Cancer Stigma in the Workplace: The Impact of Varying Levels of Disclosure
Employment post-cancer is associated with increased financial stability, quality of life, and self-esteem. The majority of cancer patients return to work post-treatment but many feel stigmatized. How individuals without cancer actually perceive their colleagues with cancer and the influence of how much cancer patients disclose about their illness on such perceptions is understudied. This investigation assessed how individuals perceive a fictional colleague with cervical cancer depending on how much information about the illness, its cause, and treatment are disclosed. Participants included 200 adults who were randomly assigned to one of three disclosure groups. Each group listened to an audio vignette simulating a disclosure. The vignettes differed solely in the amount of information included about the illness, its cause, and treatment. Participants’ attitudes and levels of cancer stigma were measured. An exploratory factor analysis of the Cancer Stigma Scale largely confirmed the original factors and the semantic differential exhibited high reliability. Results indicated no significant differences in cancer stigma beliefs or attitudes toward a fictional colleague with cervical cancer between disclosure groups or gender groups with the exception of specific items regarding chastity. A correlational analysis suggested that individuals may think about the chaste-promiscuous word-pair differently than others in the semantic differential. Exploratory analyses revealed significant differences between racial/ethnic groups and contact groups. These findings are discussed in detail.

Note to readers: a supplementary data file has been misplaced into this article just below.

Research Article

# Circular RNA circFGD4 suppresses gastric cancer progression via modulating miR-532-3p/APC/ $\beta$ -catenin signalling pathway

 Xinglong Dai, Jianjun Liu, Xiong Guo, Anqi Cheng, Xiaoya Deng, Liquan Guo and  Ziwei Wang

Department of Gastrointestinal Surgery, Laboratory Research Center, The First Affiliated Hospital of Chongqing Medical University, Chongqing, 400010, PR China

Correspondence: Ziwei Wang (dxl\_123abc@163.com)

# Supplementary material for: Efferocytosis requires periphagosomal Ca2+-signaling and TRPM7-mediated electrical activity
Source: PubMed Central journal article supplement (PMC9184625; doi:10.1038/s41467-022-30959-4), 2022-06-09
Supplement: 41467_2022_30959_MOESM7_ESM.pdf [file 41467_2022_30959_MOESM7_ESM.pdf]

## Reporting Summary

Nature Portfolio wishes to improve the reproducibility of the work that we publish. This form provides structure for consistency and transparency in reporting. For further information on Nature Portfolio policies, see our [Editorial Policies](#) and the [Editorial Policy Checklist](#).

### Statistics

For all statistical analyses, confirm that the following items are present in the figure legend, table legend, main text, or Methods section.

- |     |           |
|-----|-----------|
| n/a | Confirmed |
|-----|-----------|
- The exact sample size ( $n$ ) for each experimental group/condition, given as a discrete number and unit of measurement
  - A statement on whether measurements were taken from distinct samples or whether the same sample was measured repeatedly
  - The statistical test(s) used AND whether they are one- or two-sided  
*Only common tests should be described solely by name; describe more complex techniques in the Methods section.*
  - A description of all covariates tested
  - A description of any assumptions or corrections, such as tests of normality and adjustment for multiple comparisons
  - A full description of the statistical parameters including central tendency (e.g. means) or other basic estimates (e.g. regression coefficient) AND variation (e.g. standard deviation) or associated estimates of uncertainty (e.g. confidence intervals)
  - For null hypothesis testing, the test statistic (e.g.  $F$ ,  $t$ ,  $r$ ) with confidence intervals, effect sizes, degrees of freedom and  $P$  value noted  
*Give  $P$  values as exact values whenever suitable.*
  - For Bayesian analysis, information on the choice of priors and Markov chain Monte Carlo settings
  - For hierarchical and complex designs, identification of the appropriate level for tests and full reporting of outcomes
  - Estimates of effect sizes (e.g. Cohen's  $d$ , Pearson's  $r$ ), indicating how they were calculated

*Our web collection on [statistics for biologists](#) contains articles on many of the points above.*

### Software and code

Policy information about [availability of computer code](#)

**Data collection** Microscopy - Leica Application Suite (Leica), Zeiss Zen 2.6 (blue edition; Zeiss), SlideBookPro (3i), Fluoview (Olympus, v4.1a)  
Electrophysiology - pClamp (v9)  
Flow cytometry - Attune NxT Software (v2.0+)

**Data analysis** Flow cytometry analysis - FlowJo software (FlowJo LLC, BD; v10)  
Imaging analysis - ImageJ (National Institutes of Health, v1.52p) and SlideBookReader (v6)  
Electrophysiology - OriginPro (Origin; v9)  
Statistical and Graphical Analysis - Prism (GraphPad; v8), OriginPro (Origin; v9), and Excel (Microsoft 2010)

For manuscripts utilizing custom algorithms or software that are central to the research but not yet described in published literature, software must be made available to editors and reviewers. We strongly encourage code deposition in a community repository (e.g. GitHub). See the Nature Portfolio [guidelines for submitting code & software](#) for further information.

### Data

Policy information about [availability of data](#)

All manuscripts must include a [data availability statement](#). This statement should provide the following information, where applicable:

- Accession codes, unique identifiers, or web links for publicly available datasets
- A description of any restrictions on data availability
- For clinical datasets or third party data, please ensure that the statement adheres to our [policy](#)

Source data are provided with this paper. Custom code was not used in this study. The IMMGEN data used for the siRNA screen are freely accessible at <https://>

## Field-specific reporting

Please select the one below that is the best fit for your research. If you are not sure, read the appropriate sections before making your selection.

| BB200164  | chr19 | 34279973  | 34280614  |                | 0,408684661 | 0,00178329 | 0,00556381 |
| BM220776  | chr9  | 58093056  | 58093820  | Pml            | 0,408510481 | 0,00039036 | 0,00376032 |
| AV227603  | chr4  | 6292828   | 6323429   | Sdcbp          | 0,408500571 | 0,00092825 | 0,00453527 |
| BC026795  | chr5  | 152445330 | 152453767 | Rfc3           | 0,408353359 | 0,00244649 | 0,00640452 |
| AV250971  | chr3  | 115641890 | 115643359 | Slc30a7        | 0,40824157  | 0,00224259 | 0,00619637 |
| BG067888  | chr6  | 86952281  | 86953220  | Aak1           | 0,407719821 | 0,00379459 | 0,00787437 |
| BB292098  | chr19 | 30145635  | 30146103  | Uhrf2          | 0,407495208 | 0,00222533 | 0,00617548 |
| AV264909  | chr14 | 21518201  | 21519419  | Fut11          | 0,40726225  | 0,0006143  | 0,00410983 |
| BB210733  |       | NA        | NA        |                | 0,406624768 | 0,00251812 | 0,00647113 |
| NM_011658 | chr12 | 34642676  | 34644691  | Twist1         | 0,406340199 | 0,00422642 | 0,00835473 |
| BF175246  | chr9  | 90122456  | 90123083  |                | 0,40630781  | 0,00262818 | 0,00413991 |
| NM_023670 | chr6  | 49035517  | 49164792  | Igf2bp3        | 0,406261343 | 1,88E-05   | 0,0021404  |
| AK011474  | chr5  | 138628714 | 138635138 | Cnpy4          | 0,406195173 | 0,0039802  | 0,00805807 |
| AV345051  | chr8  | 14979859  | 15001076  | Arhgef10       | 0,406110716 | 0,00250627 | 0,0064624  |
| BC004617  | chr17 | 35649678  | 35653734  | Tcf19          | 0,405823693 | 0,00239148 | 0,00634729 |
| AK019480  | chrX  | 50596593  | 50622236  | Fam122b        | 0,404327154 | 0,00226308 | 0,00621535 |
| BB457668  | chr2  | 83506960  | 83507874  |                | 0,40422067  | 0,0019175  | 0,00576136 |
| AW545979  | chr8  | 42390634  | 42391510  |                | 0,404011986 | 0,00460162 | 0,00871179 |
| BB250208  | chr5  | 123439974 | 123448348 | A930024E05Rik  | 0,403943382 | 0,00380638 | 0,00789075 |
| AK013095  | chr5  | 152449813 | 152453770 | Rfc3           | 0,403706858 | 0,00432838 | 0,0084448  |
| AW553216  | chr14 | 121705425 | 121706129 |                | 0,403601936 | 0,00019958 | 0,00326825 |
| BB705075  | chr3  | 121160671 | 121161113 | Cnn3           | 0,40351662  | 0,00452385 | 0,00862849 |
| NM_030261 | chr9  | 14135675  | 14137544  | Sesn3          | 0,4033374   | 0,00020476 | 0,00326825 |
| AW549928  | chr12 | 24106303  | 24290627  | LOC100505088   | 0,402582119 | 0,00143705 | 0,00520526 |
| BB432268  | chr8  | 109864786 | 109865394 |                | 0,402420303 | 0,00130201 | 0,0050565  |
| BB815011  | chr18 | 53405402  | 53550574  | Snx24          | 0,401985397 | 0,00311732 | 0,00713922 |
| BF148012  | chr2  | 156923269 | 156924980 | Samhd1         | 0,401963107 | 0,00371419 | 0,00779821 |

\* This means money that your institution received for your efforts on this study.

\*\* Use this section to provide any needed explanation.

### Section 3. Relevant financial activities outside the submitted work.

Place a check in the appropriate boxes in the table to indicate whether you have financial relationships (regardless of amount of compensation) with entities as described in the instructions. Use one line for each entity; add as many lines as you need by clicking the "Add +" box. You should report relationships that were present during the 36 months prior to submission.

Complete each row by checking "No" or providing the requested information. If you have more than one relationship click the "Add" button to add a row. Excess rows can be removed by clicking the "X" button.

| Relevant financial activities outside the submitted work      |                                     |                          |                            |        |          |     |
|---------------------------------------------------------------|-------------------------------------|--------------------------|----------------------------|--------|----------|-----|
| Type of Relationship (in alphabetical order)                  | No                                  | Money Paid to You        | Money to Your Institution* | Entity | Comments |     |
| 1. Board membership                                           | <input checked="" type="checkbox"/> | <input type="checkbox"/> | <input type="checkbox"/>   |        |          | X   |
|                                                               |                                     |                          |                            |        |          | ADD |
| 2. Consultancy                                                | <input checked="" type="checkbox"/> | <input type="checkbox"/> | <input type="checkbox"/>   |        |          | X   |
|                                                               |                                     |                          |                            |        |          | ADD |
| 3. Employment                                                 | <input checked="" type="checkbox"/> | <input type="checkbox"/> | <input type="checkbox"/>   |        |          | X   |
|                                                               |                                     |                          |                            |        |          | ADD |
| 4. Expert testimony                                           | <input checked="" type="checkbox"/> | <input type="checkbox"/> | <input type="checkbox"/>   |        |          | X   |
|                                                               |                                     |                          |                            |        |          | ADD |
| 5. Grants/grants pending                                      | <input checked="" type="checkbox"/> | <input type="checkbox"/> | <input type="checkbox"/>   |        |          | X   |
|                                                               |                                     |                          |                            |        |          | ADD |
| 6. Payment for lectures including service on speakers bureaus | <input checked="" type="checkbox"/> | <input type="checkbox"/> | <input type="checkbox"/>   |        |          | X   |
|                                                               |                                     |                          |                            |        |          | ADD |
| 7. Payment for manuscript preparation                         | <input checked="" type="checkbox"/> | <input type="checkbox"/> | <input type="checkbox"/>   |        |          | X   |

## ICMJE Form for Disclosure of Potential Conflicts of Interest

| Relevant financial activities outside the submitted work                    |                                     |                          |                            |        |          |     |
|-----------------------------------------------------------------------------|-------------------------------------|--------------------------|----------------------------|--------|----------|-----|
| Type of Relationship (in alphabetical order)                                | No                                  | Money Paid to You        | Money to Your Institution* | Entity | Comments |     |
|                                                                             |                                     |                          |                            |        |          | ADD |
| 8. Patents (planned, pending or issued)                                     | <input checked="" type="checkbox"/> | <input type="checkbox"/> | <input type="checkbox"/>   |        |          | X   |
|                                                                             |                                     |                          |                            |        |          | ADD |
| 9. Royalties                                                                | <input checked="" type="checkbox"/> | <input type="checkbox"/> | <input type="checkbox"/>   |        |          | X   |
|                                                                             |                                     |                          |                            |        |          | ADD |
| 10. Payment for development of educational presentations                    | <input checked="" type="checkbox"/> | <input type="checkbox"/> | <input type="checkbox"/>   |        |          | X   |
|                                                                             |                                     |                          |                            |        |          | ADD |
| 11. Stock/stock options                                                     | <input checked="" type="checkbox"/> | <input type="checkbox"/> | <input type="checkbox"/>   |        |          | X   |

Lamm, Alexandra, "Cancer Stigma in the Workplace: The Impact of Varying Levels of Disclosure" (2019). ETD Collection for Fordham University. AAI10980379.